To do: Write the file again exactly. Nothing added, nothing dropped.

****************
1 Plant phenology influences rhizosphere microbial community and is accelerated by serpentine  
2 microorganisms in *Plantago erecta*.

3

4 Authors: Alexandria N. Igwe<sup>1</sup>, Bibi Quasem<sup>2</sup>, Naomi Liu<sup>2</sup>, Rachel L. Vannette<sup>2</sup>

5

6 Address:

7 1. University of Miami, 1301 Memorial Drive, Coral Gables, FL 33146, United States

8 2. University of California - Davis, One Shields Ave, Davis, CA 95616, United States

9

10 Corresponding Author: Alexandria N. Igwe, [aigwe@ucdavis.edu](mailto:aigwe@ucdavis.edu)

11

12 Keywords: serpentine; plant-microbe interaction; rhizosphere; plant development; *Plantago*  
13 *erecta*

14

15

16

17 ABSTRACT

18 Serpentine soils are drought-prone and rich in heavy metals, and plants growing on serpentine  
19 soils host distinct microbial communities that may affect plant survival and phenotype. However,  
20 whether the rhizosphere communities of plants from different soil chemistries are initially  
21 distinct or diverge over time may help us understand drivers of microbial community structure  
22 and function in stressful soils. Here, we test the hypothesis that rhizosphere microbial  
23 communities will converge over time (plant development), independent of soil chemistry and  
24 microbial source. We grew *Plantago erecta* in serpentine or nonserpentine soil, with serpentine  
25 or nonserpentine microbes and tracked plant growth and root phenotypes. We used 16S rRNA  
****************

1 Plant phenology influences rhizosphere microbial community and is accelerated by serpentine  
2 microorganisms in *Plantago erecta*.

3

4 Authors: Alexandria N. Igwe<sup>1</sup>, Bibi Quasem<sup>2</sup>, Naomi Liu<sup>2</sup>, Rachel L. Vannette<sup>2</sup>

5

6 Address:

7 1. University of Miami, 1301 Memorial Drive, Coral Gables, FL 33146, United States

8 2. University of California - Davis, One Shields Ave, Davis, CA 95616, United States

9

10 Corresponding Author: Alexandria N. Igwe, [aigwe@ucdavis.edu](mailto:aigwe@ucdavis.edu)

11

12 Keywords: serpentine; plant-microbe interaction; rhizosphere; plant development; *Plantago*  
13 *erecta*

14

15

16

17 ABSTRACT

18 Serpentine soils are drought-prone and rich in heavy metals, and plants growing on serpentine  
19 soils host distinct microbial communities that may affect plant survival and phenotype. However,  
20 whether the rhizosphere communities of plants from different soil chemistries are initially  
21 distinct or diverge over time may help us understand drivers of microbial community structure  
22 and function in stressful soils. Here, we test the hypothesis that rhizosphere microbial  
23 communities will converge over time (plant development), independent of soil chemistry and  
24 microbial source. We grew *Plantago erecta* in serpentine or nonserpentine soil, with serpentine  
25 or nonserpentine microbes and tracked plant growth and root phenotypes. We used 16S rRNA  